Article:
Even then, I was struck by the length of time that had passed between the crime and the trials which I was witnessing. One was a straightforward case of causing death by dangerous driving which took less than a day to be processed in court. Yet the incident (and the arrest of the perpetrator) had taken place two years earlier.
Imagine what this means in the case of trials for rape, which are vastly more complex — and what it means for the women who must be wondering as the years pass: ‘Is this worth it?’
To give a sense of the extent to which the system had been congealing even before the coronavirus struck, it is only necessary to observe that while in 2010 police and prosecutors took an average of 392 days to bring a suspect to justice, by 2017 the figure had risen to 600 days.
Who is responsible for this, politically?
Ken Clarke was appointed Justice Secretary by David Cameron when he formed his first (coalition) government in 2010
Step forward Ken Clarke, who was appointed Justice Secretary by David Cameron when he formed his first (coalition) government in 2010.
Cameron had sworn to bring the deficit under control, but also to protect the budgets in such areas as health and overseas aid. So some departments suffered disproportionately from ‘austerity’ — and Clarke, with his customary insouciance, happily offered up his own. In June 2010, the ministry announced plans to close more than 150 of the 530 courts in England and Wales.
In the same week, Clarke made a speech declaring that the prison population was, in any case, ‘too high’. This had always been his view, and he had long been an internal Tory opponent, philosophically speaking, of his old friend from Cambridge University days, Michael Howard. It was Howard who declared, as Home Secretary, that ‘prison works’ — and broke with decades of Home Office defeatism in the battle to reverse the rising crime rate.
Howard succeeded, and the tougher sentencing was, indeed, followed by a drop in crime rates.
Boris Johnson, though in many ways a more socially liberal figure than Michael Howard, nonetheless campaigned in the last election on a pledge to recruit ‘20,000 more police officers’. The only purpose of that — and why it would be thought a vote-winner — could be to arrest more criminals.
And understandably so. The most recent Home Office data revealed that only 4 per cent of burglaries result in the offender being brought before the courts.
But if we get those extra policemen and women, and the promised increase in arrests of burglars, that will only intensify the pressure on an already hopelessly tardy criminal justice system.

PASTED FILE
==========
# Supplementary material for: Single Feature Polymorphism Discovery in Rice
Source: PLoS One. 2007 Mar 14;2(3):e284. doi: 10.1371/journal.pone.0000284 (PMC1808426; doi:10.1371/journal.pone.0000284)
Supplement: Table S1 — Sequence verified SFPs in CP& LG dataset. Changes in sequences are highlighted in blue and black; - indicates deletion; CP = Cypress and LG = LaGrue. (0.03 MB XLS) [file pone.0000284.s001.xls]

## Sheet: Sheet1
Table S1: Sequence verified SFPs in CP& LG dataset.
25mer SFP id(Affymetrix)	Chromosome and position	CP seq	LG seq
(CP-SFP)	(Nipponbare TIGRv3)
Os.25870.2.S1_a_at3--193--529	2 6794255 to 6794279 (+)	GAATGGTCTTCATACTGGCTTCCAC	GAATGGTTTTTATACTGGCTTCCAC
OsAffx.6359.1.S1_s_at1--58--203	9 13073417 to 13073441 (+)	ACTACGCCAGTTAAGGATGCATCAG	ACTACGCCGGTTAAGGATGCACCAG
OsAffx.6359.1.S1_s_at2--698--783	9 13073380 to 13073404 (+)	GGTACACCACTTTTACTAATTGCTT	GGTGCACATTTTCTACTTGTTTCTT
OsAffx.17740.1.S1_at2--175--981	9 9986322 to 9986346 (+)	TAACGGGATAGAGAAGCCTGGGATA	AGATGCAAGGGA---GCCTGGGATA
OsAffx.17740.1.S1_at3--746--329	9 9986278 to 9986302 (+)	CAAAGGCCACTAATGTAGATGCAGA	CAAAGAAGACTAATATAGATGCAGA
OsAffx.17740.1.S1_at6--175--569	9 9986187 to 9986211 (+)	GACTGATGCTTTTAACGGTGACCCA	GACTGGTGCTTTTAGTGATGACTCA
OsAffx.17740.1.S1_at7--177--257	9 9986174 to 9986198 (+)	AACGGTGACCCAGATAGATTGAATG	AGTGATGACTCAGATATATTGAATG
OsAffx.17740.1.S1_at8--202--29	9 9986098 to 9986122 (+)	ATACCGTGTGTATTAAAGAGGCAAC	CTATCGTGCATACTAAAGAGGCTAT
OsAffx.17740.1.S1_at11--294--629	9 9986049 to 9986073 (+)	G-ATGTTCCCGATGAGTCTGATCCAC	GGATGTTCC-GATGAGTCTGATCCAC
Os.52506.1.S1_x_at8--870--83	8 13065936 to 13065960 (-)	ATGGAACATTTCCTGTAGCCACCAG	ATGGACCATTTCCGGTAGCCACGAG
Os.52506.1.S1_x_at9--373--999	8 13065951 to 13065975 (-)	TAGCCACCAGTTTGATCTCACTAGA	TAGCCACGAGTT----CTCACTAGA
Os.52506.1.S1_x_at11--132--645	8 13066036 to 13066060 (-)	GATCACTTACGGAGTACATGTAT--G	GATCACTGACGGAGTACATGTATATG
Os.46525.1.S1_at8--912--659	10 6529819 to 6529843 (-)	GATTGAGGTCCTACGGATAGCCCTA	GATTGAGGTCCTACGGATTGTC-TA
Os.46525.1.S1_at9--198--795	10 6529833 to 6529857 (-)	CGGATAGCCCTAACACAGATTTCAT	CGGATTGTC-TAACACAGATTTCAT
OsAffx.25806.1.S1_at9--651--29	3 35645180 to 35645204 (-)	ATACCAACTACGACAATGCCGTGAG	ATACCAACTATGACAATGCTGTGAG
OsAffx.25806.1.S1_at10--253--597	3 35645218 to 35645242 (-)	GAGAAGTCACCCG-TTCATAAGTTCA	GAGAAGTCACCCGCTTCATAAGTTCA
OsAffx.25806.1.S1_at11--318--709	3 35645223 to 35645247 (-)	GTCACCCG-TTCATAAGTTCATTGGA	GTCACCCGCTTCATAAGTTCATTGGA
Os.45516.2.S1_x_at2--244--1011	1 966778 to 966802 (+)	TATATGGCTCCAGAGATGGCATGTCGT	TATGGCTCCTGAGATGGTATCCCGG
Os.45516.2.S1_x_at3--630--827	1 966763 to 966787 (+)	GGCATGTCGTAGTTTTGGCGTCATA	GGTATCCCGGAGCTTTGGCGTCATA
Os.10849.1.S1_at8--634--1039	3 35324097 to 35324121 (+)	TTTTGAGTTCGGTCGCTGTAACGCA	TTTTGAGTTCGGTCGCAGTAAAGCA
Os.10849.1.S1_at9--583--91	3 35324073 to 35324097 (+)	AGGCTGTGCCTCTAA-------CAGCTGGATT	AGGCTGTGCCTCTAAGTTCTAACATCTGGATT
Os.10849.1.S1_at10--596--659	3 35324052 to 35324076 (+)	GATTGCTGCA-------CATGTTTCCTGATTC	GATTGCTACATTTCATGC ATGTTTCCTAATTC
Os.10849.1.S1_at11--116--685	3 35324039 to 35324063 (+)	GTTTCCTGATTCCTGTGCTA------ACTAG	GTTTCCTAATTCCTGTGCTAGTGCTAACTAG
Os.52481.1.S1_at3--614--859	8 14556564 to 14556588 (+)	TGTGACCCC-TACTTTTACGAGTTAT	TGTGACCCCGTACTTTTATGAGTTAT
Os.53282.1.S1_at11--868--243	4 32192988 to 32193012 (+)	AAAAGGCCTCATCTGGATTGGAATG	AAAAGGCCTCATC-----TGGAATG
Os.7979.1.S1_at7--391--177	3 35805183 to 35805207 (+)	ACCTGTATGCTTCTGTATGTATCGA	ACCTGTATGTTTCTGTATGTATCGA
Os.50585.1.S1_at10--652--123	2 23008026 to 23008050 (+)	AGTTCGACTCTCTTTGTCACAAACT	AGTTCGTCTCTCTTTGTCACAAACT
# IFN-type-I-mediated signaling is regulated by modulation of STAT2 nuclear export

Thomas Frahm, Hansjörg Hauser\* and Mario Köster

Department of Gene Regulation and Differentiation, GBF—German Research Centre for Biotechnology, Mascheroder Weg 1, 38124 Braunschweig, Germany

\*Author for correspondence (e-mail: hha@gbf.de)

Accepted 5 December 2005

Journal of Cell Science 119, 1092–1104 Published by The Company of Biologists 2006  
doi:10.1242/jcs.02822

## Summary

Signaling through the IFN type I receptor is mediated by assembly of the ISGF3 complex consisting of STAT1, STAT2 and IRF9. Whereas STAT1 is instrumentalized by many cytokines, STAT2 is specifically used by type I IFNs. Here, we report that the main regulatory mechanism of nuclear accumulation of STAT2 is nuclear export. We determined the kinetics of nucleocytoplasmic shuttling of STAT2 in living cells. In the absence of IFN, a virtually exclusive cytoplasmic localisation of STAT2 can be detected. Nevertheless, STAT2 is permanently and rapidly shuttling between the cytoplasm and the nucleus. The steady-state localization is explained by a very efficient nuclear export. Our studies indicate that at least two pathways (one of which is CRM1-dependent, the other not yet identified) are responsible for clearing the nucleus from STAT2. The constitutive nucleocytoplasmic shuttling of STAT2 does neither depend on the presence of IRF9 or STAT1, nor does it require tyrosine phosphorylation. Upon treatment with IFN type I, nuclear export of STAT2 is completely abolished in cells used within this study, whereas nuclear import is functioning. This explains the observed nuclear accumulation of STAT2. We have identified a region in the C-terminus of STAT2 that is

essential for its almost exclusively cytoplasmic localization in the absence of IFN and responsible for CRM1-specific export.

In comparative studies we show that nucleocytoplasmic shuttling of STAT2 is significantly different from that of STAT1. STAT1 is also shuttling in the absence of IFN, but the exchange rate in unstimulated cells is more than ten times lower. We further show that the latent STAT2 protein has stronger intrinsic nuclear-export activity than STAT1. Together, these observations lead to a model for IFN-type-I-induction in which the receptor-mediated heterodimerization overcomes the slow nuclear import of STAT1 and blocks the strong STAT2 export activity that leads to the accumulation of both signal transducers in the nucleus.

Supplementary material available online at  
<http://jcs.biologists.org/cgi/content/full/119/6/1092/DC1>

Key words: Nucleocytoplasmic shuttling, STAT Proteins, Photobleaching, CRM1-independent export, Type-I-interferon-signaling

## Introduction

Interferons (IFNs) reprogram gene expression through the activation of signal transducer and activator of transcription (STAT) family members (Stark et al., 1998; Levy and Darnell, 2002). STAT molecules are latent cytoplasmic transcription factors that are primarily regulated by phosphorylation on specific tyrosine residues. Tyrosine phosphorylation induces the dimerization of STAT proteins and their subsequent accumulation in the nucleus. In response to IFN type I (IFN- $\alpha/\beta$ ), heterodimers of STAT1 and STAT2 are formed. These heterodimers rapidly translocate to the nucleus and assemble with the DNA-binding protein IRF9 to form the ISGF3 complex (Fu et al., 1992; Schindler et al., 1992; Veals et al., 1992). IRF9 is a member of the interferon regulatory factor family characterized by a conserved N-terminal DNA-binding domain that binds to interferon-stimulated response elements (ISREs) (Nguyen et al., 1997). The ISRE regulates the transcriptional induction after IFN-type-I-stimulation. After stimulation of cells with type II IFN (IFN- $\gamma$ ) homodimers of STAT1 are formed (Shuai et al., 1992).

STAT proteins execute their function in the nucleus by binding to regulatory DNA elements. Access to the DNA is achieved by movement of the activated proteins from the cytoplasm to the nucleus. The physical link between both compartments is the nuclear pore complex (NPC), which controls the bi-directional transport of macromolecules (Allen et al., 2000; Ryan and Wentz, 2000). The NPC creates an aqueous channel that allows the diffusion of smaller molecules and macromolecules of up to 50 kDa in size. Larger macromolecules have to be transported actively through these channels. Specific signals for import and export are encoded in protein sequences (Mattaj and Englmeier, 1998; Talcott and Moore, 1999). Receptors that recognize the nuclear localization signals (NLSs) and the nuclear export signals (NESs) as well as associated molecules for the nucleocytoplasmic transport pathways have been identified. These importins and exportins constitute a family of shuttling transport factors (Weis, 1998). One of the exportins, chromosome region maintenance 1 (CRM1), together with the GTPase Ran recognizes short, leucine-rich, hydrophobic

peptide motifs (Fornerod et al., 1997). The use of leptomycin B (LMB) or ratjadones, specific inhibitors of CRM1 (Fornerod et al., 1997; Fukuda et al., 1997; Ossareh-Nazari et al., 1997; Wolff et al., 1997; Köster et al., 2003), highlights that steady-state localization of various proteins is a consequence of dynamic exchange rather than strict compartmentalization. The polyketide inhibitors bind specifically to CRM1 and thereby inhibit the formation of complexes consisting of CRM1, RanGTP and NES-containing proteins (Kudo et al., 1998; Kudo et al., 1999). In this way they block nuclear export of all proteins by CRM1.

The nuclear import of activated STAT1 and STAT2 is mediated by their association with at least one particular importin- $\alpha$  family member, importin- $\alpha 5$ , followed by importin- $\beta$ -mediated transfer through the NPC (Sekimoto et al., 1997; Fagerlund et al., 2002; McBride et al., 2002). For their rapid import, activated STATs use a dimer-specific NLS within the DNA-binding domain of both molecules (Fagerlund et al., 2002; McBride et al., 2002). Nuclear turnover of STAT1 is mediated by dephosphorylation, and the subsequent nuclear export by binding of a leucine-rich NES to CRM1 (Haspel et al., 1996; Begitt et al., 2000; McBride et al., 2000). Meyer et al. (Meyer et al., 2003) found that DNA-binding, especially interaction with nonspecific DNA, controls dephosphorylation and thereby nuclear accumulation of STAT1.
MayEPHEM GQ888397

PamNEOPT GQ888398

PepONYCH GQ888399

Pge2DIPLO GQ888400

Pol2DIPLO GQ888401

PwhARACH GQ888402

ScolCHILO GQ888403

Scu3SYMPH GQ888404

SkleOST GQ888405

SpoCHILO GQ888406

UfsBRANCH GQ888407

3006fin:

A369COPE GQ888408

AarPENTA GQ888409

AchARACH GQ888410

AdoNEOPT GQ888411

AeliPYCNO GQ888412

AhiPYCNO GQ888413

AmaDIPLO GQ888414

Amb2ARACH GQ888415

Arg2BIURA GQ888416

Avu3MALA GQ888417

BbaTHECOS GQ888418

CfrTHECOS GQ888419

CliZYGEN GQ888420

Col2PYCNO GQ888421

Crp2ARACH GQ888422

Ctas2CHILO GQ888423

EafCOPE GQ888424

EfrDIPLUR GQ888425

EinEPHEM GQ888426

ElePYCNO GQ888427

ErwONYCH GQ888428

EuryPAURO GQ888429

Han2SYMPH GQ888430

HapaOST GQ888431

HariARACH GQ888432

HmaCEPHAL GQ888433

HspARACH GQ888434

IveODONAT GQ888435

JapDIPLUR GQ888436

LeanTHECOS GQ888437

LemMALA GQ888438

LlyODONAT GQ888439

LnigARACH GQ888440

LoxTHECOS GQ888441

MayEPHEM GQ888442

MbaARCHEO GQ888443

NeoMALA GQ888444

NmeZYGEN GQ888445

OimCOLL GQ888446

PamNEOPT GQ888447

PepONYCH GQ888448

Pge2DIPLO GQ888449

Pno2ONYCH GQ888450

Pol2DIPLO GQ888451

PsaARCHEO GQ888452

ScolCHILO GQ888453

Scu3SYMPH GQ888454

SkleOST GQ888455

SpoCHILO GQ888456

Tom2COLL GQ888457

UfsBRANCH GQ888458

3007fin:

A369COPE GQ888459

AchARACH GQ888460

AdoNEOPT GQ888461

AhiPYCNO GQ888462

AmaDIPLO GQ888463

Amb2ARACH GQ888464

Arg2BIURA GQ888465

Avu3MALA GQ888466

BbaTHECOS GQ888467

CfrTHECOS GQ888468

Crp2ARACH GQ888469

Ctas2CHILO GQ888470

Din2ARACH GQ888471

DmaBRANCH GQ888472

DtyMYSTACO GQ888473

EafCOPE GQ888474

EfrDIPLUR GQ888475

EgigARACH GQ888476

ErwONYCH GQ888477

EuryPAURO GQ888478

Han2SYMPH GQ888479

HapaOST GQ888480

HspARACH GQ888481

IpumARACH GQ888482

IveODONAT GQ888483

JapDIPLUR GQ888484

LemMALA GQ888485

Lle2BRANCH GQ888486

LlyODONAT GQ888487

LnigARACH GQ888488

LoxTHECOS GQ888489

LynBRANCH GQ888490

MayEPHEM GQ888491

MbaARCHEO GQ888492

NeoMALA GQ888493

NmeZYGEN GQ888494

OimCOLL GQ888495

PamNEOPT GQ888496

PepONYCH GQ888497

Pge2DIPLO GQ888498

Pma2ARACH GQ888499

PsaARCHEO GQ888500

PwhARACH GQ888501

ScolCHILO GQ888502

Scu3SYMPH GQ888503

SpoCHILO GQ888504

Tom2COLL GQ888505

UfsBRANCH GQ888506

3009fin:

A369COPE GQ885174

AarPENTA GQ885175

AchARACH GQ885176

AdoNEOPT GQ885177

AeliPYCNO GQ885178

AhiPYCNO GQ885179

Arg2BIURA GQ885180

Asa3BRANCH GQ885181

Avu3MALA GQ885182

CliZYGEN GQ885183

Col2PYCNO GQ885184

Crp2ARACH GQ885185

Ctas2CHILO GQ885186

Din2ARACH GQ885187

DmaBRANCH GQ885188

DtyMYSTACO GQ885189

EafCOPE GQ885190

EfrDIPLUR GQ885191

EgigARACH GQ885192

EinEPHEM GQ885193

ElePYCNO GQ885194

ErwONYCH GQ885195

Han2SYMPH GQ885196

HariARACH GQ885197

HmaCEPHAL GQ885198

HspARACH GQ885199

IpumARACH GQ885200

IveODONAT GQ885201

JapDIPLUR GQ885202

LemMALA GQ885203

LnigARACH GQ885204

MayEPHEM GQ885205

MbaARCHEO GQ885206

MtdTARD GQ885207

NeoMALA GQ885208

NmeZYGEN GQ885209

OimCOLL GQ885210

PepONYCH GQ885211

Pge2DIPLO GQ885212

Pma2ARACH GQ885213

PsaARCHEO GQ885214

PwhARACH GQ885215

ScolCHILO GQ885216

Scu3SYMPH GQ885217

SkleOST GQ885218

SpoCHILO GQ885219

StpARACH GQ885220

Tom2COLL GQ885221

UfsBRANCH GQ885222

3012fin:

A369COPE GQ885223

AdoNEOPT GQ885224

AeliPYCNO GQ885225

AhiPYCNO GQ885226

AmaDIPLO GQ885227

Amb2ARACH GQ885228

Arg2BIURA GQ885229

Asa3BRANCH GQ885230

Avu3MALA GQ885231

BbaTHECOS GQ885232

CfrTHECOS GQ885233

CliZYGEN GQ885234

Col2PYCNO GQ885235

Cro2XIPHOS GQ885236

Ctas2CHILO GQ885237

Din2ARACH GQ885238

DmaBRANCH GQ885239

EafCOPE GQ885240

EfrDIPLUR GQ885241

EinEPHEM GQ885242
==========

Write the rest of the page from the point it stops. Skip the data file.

The Justice Secretary, Robert Buckland, last week pledged £80 million to fund a series of measures to address the trial delays, including so-called ‘Nightingale courts’ (analogous to the Nightingale hospitals for Covid patients).
But as Judge Keith Raynor said, this did ‘not amount to highly significant expenditure given the scale of the problem’.
Former Lord Chief Justice Lord Phillips (pictured with his wife) has urged that ‘judge only’ criminal trials should be introduced
I gained some insight into the damage of delayed trials when I spent a day at Snaresbrook Crown Court in East London (pictured)
Last month, the former Lord Chief Justice, Lord Phillips, urged that ‘judge only’ criminal trials should be introduced ‘because the alternative of rising delays to trials is horrible’. Clearly, this would solve the difficulties of assembling juries of 12 men and women, when social distancing measures are still mandatory.
But I would be very reluctant to see even a temporary abandonment of the jury system, though Phillips proposed it should happen only with the consent of the defendant (‘any defendant who would like to be tried by a judge only should be allowed that facility rather than waiting years for a jury’).
However, I can’t see that our hallowed principle of criminal trials being invigilated by juries assembled from the citizenry would be compromised if, temporarily, the size of the jury were to be cut to six — which just happens to be the maximum number allowed for day-to-day social gatherings under the latest Covid rules.
This might not have the headline appeal of promising to change the law to enable whole life terms to be given to teenage mass murderers or to make it easier to deport foreign criminals already in our jails.
But the agonising delays in justice, especially for the victims of crime, are the greatest affront — and require the most immediate action.